When you’re involved in an accident, you want to know who’s to blame right away. It may not be clear, but the answer is very important. Here are seven easy steps for knowing who’s to blame for a car accident:
1. Investigate traffic violations or criminal offenses
If the police investigate the crash, they might issue a traffic citation. They might also charge someone with a crime. Police officers have training in how to conduct an accident investigation. They might believe that someone broke a law like drunk driving or made a driving error like failing to stop at a stop sign. The opinion of the investigating officer may go a long way to shed light on who’s to blame for the accident.
2. But remember a traffic citation doesn’t necessarily tell the whole story
Even if the police issue a citation or request criminal charges, remember that’s not necessarily the end of the story when it comes to determining fault. The police may make errors in their work. In addition, the police investigate the case for different things than you might look for when you’re investigating the case to determine civil fault. A traffic citation can be strong evidence, but it’s not necessarily the only thing that matters.
3. Witness statements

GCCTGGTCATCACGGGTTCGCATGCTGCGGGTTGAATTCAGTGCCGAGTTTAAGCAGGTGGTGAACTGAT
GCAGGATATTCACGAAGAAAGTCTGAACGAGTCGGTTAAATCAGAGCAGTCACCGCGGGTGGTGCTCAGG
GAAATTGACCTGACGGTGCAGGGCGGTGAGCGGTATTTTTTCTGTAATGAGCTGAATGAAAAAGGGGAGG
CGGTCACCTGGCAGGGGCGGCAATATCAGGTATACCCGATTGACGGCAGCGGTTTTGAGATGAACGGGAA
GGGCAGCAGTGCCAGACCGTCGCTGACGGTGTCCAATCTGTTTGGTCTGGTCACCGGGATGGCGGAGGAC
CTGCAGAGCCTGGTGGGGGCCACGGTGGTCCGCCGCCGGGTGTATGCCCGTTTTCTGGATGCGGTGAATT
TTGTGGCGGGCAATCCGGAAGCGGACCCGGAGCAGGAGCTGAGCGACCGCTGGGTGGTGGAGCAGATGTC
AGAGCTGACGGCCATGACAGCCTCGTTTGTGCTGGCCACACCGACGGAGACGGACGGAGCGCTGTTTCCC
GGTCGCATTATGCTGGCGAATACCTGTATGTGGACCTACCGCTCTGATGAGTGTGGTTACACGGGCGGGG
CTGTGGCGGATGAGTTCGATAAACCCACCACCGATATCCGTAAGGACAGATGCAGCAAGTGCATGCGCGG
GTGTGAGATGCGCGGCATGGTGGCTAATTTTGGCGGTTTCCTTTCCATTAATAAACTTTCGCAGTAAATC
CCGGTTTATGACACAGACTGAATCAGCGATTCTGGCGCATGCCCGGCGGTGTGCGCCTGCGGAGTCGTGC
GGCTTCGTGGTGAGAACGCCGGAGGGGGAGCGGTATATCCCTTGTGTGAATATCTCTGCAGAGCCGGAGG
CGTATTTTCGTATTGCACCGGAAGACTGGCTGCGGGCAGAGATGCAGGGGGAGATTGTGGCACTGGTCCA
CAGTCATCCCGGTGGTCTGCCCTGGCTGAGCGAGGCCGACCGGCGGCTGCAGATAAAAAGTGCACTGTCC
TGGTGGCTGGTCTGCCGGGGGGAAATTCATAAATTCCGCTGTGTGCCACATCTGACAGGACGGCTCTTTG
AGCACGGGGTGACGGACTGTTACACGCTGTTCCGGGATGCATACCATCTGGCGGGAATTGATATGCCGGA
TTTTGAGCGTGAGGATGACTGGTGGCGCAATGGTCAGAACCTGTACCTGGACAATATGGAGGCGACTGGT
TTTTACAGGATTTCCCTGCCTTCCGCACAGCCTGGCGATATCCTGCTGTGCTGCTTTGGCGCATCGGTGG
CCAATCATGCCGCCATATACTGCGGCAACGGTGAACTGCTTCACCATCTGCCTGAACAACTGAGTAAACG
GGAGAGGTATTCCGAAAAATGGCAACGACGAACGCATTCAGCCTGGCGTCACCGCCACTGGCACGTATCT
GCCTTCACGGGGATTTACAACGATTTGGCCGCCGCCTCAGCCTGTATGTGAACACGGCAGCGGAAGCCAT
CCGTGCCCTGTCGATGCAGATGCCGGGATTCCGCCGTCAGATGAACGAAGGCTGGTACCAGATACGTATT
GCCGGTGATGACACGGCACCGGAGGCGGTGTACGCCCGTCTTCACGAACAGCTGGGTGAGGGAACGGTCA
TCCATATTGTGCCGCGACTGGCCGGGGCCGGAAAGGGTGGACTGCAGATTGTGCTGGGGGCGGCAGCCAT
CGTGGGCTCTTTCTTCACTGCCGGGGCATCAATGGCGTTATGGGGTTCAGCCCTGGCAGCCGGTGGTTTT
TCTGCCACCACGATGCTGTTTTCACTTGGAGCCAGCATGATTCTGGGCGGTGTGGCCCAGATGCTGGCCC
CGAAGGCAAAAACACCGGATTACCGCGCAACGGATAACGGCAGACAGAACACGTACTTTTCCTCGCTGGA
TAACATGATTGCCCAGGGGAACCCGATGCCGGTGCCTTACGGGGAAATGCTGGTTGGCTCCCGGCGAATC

There may be witnesses to the accident. What they saw and heard can be critical. The number of witnesses isn’t the most important thing. Instead, their observations and credibility can be helpful to determine fault.
4. The location of accident damage
The location of the damage on vehicles can tell the story of how an accident occurred. Damage can show the speed of the vehicles at impact. It may also show if either driver tried to take evasive action
5. Admissions of either party
What the drivers say can be evidence. If you say sorry, the other side can argue that you said sorry because you knew that you did something wrong. If a driver talks about how the accident occurred or if they apologize, it can be evidence of who’s to blame for the accident
6. Apply the evidence to the rules of negligence
Liability in a car accident depends on negligence. Drivers must use reasonable care and caution when they drive. If they aren’t careful enough and an accident occurs, they’re liable for negligence. Compare all of the evidence against how a reasonable person should drive. If a person isn’t careful enough, they’re to blame for the accident.
7. Consider comparative negligence
More than one person can be to blame for an accident. It’s possible that both drivers share some liability for the crash. When you’re determining fault for the crash, remember to consider that more than one person may be at fault. A car accident lawyer can help you determine how comparative negligence might matter in your case.
How to tell who’s to blame for a car accident
Determining fault for a car accident is about gathering the evidence and evaluating the law. South Carolina law says that a person is to blame for a car accident if they’re not careful like a reasonable person should be in an accident. Witness statements, vehicle damage and driver admissions can all help you determine who’s to blame.